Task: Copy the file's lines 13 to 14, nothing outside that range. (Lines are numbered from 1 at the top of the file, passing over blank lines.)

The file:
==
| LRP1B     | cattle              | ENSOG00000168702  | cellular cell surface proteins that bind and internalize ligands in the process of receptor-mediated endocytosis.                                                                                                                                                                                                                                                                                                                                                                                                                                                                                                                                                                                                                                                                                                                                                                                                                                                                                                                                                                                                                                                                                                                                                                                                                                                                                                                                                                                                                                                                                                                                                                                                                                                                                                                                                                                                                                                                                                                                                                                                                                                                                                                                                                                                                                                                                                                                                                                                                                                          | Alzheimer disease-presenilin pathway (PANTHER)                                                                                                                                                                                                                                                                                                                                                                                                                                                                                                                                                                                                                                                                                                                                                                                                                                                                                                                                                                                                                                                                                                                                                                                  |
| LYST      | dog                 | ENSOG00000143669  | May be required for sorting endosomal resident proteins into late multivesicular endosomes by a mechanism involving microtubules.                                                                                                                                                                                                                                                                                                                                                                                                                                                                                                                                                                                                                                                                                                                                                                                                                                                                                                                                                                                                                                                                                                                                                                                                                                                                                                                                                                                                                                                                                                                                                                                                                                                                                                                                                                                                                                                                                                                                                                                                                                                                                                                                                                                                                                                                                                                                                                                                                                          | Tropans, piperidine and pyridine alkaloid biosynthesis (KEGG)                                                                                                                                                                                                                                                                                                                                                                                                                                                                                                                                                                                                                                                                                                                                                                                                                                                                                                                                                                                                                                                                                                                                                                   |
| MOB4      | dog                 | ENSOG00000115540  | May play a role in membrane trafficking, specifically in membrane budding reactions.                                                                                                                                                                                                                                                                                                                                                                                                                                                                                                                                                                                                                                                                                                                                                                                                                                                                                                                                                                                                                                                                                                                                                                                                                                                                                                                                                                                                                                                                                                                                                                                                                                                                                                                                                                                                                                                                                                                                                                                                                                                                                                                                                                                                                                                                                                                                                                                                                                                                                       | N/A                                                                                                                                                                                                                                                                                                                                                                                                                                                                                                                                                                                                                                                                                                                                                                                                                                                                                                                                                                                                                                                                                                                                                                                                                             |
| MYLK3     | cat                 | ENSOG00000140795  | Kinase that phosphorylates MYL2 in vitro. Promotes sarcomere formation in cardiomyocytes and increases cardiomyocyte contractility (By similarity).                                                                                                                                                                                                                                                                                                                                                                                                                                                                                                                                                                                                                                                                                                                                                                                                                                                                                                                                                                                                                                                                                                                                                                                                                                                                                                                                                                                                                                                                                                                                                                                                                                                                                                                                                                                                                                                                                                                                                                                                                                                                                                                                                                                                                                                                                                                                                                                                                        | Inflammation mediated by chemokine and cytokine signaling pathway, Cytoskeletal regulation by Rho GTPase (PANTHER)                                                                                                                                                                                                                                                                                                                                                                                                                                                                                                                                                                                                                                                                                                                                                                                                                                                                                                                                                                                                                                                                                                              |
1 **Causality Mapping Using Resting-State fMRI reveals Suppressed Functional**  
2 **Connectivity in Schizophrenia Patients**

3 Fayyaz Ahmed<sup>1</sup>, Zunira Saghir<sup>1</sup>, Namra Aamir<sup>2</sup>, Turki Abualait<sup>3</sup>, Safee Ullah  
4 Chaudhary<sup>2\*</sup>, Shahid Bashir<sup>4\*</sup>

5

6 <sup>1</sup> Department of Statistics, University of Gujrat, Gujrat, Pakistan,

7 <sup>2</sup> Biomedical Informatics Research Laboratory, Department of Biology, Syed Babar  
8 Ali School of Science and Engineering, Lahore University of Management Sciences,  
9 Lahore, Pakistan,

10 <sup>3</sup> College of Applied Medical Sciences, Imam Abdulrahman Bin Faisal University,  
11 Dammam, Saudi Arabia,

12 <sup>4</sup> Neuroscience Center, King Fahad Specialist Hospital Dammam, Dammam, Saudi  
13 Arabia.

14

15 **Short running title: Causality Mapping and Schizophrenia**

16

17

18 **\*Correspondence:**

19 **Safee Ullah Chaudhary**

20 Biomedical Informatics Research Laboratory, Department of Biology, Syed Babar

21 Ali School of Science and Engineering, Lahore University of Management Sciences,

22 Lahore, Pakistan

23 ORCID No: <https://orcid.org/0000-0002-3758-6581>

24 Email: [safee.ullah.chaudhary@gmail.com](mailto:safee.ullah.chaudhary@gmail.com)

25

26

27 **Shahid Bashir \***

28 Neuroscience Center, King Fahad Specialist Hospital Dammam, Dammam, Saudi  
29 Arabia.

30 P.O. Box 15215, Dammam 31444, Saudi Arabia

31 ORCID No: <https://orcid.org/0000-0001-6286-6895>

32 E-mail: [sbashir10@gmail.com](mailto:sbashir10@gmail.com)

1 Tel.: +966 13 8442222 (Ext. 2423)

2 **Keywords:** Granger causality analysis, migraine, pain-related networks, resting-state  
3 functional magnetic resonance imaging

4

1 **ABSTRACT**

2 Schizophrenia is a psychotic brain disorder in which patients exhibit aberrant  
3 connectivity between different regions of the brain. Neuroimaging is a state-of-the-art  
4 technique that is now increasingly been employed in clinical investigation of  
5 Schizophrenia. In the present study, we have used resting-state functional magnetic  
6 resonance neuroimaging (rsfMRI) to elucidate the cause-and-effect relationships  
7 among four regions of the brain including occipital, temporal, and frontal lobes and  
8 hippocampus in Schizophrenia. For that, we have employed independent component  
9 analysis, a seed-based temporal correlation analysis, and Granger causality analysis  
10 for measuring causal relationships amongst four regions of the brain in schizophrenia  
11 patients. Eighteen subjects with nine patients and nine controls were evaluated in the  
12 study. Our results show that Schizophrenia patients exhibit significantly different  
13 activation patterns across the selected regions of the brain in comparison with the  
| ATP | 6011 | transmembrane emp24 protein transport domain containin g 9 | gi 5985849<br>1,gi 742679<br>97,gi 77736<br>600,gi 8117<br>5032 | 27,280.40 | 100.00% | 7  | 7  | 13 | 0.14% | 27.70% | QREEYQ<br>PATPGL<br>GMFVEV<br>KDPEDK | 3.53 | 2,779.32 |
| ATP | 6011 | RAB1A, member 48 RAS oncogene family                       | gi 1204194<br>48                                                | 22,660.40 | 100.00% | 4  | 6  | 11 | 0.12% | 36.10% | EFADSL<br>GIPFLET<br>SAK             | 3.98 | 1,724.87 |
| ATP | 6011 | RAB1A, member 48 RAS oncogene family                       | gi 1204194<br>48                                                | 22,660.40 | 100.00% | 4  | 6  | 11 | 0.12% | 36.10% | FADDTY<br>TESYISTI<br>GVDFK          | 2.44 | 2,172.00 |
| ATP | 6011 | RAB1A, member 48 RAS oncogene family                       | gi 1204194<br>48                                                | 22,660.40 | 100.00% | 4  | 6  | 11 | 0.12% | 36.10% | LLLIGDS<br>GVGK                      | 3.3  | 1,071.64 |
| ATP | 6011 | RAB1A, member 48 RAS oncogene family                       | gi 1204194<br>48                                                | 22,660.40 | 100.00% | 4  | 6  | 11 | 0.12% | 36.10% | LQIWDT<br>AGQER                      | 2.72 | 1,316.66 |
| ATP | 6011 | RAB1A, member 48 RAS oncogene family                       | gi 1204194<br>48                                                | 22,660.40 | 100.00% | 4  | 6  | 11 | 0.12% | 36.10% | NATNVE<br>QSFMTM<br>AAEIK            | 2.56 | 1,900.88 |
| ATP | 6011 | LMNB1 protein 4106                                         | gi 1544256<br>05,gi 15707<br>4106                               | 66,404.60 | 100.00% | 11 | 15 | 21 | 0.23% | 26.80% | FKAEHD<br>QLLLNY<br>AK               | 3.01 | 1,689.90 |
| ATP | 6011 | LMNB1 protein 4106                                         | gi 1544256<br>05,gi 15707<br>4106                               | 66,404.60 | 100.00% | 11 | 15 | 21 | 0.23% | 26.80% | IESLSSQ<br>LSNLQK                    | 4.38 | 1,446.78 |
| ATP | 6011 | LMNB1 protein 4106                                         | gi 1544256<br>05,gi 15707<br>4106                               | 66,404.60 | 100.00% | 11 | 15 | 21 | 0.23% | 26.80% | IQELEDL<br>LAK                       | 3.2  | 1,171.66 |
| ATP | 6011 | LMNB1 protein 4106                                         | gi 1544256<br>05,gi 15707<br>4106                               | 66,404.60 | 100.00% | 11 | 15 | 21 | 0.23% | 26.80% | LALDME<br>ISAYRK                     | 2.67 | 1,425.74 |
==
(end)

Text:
9 Lahore, Pakistan,

10 <sup>3</sup> College of Applied Medical Sciences, Imam Abdulrahman Bin Faisal University,  